1062 — The Social Context of Housing Transitions among Homeless Veterans with Serious Mental Illness and Substance Use Disorders
Gabrielian SE, VA Greater Los Angeles; Bromley E, VA Greater Los Angeles; Greenberg J, VA Greater Los Angeles; Young AS, VA Greater Los Angeles;
Though a breadth of VA homeless services offer housing and healthcare, many homeless Veterans with serious mental illness (SMI) and co-occurring substance use disorders (SUD) struggle to sustain stable housing without additional supports. Among Veterans with SMI and SUD who have experienced homelessness, we sought to understand the roles of Veterans' interpersonal supports on housing transitions, e.g., from residential rehabilitation to supported housing.
Using administrative data, we identified homeless Veterans with SMI and SUD admitted to VA Greater Los Angeles' Domiciliary"”a residential rehabilitation program"”from 12/2008-11/2011. On a random sample (N = 36), we used the Residential Time-Line Follow-Back Inventory to gather housing histories since exiting rehabilitation. We conducted and analyzed semi-structured qualitative interviews on a purposive sample (n = 19) of Veterans, across three tiers of longitudinal housing outcomes: 1) stable, independent housing; 2) sheltered housing, continually engaged in structured housing programs; and 3) unstable housing. Interviews identified and discussed the roles of formal (paid staff) and informal (family/ friends) supports who helped identify, secure, and retain housing units. Interviews also reviewed the sources of problems that arose in housing.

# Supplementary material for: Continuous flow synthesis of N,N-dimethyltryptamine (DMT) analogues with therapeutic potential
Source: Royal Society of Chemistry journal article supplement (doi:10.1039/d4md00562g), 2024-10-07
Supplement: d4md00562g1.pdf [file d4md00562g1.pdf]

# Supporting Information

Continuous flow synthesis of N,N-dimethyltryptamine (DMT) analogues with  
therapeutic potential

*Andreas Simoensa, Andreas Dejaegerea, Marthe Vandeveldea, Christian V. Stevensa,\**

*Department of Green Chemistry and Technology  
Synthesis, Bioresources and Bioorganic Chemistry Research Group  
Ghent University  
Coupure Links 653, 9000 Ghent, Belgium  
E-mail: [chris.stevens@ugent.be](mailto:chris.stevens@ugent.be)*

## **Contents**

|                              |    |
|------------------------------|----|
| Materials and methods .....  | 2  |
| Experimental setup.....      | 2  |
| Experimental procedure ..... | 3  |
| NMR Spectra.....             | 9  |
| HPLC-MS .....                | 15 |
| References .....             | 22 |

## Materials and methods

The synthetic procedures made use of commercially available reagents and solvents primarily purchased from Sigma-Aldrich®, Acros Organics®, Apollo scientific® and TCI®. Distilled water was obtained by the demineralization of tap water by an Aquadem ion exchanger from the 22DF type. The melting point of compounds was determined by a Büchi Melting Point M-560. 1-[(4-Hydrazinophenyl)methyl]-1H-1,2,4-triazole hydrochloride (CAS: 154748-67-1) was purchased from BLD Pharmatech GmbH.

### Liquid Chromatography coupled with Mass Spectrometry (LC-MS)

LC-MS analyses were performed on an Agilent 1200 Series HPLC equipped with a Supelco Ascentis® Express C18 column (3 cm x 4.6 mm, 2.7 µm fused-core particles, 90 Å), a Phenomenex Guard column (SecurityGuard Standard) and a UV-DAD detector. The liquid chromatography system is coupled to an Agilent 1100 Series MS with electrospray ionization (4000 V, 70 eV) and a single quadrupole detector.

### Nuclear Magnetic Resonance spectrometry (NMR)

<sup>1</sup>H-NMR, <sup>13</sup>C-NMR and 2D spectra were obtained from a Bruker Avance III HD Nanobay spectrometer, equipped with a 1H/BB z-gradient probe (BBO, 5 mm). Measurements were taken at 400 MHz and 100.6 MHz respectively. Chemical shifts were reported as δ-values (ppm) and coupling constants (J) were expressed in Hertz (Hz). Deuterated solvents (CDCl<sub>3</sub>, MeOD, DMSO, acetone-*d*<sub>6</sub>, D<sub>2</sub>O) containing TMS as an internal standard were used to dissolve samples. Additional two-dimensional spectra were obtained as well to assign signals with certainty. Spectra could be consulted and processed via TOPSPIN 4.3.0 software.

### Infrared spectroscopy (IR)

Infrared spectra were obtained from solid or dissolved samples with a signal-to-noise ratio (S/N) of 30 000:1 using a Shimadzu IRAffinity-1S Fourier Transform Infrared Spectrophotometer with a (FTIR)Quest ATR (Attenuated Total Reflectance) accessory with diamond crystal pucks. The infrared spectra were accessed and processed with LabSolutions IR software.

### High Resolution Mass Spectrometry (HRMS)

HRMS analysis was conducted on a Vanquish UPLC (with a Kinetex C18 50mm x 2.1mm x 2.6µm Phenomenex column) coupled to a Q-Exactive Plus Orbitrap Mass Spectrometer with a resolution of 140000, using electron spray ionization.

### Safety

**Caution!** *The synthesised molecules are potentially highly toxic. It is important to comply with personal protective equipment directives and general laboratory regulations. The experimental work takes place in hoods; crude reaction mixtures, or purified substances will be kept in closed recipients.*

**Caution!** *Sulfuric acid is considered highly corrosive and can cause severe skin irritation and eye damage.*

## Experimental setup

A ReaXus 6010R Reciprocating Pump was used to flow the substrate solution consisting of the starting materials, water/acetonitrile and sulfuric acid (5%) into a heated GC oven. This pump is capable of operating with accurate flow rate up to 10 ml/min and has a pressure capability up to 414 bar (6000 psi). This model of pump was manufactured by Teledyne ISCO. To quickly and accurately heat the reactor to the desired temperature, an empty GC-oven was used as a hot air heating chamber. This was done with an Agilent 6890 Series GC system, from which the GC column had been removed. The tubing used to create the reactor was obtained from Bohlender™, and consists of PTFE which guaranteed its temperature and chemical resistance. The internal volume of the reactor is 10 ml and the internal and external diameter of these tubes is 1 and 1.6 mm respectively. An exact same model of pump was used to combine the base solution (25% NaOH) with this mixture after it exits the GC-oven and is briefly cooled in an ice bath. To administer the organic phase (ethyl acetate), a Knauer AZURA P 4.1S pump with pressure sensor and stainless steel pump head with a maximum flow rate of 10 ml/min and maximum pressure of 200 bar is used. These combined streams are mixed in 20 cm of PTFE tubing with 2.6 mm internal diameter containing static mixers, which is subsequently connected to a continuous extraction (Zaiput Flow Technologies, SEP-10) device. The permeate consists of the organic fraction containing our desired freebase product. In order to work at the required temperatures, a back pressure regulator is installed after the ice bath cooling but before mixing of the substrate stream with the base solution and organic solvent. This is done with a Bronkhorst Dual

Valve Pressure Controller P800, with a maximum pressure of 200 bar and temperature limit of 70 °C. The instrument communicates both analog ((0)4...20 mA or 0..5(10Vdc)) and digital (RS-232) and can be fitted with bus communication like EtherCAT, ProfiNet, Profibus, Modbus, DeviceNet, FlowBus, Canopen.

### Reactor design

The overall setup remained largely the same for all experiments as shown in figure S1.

All Veterans described their social support context as important to finding and maintaining housing. Veterans in each of the three longitudinal housing outcomes described different social support contexts. Veterans in stable and independent housing described strong roles of informal supports in identifying and retaining housing. Veterans in sheltered housing relied predominantly on formal supports, like case managers. Veterans with unstable housing described cursory interactions with formal and informal supports; many did not rely on any supports during housing transitions. Across housing outcomes, most problems described were interpersonal conflicts.
Social context, including patterns of formal and informal support, was associated with longitudinal housing outcomes for participants. Interpersonal supports"”or lack thereof"”affected participants' housing choices, retention of these settings, and problems that arose in housing settings.
To improve housing outcomes for homeless Veterans with SMI and SUD, these findings suggest a role for social skills training and other clinical interventions that help this population connect with friends/family, effectively use formal supports, and decrease interpersonal conflicts in housing settings.